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Maj. Gen. Don Shepperd: Terrorist training camp, missile site destroyed
Don Shepperd is a retired major general of the U.S. Air Force and a military analyst for CNN. His briefings on the war against terror will appear daily on CNN.com
Don Shepperd is a retired U.S. Air Force major general and a military analyst for CNN.  


Update: The Pentagon released Tuesday afternoon for the first time satellite images of the damage caused by early U.S. airstrikes in Afghanistan. The pictures show the destruction of a terrorist training camp and a surface-to-air-missile site, and damage to an airport.

Impact: The impact of the terrorist camp was you destroyed it. It's unusable. The impact of the SA-3 site was you destroyed it. It's unusable. The impact of the airfield attack is a very careful attack to deny the airplanes the ability to use it -- the MiG aircraft that are there. But it is easily repaired for when we go in there at the end and want to bring in humanitarian relief. If they (repair) it, we'll just hit it again. So it will be useless for them to do it.

Strategy: You're not out to destroy the Taliban, but you're out to weaken them such that the Northern Alliance, and as he says, the tribes in the south -- and notice that the (U.S. Secretary of Defense Donald Rumsfeld) is being very careful not to tie himself just to the Northern Alliance -- Afghans everywhere are going to have to be part of a coalition government afterwards. This is not a case where we are trying to support the Northern Alliance to take over the whole country. It's very clear that it's going to have to be a coalition. So we want everybody everywhere, including defecting Taliban, to rise up to get the Taliban leadership out of there so you can get al Qaeda out and then have a follow on country without the Taliban there.

Tactics: You rid yourself of the high-altitude surface-to-air missiles. Once you do that you can operate at high altitude during the day. And once the missile sites are down, all the radars are down then you can go against the fielded forces 24 hours a day. We could have gone in there in the first two or three hours and taken down all power all across Afghanistan and put it out for years. We of course did not do that. Same thing as why we are not hitting roads. We're not hitting bridges to keep refugees from getting out and that type of thing. The main thing is you go against the forces in the field and hope you will destroy them or cause them to retreat and let the Northern Alliance move from the north down south, hopefully taking Kabul back and perhaps Kandahar and perhaps Herat. If they did, they would own 50 percent of the country and the Taliban would be out of there. You may be able to cause decisive effects that cause the Taliban collapse by air attack alone. But clearly, you may even want to put forces in. You certainly want the threat of force going in at all times. And if necessary, you'll insert them. But if it's not necessary, I'm sure we won't. If you want to go in and really take over the whole country and root them out of every cave, you're going to have to insert ground forces. I'm sure that is not our strategy. In fact, I'm pretty sure it's not going to be.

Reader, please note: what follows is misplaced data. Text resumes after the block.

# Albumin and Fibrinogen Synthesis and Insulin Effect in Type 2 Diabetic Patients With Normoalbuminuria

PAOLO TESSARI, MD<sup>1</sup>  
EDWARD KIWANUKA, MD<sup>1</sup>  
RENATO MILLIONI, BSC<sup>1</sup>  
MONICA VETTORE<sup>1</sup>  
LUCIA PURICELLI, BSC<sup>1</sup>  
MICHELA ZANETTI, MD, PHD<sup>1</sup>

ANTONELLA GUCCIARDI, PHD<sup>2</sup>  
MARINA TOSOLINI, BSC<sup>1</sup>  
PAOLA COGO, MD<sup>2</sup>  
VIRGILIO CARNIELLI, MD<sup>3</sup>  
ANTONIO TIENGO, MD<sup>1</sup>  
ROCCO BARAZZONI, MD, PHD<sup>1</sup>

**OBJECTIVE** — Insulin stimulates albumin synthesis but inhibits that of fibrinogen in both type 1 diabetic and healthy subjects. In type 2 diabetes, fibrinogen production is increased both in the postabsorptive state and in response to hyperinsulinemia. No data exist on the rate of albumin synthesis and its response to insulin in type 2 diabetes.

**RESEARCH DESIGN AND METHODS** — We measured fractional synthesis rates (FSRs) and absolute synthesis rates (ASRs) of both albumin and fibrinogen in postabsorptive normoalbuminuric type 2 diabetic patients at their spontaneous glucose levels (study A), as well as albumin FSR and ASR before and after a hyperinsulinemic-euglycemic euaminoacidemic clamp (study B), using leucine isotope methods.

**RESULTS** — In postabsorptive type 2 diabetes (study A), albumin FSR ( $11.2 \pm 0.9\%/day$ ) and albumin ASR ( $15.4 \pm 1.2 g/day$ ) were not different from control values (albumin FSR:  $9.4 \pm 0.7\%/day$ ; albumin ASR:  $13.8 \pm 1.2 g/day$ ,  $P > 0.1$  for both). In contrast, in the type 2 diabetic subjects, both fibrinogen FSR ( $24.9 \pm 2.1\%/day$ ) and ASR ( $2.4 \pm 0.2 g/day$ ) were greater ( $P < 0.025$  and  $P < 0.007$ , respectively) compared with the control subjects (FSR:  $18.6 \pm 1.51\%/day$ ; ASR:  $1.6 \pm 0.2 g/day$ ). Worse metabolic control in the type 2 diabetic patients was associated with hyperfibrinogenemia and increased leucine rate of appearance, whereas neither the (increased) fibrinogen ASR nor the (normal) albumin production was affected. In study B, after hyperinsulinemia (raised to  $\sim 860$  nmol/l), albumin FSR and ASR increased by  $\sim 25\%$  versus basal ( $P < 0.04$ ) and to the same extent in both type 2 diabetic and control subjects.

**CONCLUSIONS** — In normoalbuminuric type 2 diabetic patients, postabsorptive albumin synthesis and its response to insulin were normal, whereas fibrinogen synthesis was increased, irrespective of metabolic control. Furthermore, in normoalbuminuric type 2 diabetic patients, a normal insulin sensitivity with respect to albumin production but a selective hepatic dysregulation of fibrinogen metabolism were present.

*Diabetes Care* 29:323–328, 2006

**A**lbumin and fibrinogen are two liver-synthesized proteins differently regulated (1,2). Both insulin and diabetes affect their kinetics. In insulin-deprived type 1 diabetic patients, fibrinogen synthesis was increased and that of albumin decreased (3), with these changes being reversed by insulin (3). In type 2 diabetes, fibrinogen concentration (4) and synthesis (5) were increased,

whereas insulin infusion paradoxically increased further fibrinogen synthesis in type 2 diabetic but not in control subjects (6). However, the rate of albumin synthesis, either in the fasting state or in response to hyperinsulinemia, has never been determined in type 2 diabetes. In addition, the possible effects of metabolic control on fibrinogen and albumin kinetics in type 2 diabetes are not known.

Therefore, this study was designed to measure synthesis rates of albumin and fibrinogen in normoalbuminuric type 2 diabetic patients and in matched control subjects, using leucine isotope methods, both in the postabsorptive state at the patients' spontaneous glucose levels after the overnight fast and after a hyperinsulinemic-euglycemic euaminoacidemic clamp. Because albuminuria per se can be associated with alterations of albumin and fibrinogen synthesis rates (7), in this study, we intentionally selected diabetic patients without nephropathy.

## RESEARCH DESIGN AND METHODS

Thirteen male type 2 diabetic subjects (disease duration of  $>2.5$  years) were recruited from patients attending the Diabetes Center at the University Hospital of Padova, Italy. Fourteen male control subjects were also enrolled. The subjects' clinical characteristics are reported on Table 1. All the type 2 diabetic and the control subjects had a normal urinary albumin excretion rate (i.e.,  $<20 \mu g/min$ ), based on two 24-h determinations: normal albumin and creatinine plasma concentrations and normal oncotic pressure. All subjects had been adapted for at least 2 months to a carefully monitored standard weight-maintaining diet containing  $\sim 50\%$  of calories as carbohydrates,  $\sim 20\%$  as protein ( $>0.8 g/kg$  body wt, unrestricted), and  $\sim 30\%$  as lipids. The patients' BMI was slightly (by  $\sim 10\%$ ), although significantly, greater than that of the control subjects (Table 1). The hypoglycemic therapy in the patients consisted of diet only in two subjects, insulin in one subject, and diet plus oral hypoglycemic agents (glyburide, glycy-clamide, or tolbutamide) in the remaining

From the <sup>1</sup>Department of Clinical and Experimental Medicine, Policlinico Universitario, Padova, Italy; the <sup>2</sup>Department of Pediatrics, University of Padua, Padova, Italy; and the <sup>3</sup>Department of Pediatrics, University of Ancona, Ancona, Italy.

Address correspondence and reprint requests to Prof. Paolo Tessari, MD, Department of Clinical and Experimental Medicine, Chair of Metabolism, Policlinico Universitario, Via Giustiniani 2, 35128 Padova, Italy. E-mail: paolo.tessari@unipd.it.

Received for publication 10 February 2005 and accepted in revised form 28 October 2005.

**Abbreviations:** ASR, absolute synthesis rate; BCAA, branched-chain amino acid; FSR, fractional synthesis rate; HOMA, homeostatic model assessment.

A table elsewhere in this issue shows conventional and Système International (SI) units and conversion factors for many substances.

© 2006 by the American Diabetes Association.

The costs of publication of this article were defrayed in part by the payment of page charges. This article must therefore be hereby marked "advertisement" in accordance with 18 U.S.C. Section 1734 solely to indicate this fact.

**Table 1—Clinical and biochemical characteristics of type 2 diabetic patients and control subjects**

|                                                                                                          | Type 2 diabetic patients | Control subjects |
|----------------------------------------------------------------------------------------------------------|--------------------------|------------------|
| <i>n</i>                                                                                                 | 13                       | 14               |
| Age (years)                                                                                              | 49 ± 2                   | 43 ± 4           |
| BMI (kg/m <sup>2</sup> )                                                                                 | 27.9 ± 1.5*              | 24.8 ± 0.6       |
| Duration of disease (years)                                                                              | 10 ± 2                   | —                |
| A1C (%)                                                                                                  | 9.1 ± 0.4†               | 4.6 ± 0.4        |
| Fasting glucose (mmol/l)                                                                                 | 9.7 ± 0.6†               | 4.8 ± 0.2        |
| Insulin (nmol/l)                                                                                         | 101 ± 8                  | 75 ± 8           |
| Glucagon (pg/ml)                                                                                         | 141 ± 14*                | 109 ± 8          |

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U.S. Army Gen. Wesley Clark (ret.), a former NATO supreme commander, U.S. Army Maj. Gen. David Grange (ret.) and Air Force Maj. Gen. Don Shepperd (ret.) are serving as CNN military analysts during the war against terror. Their briefings will appear daily on CNN.com.

EDITOR'S NOTE: CNN is sensitive to reporting any information that could endanger lives or operations.



 
 
 
 



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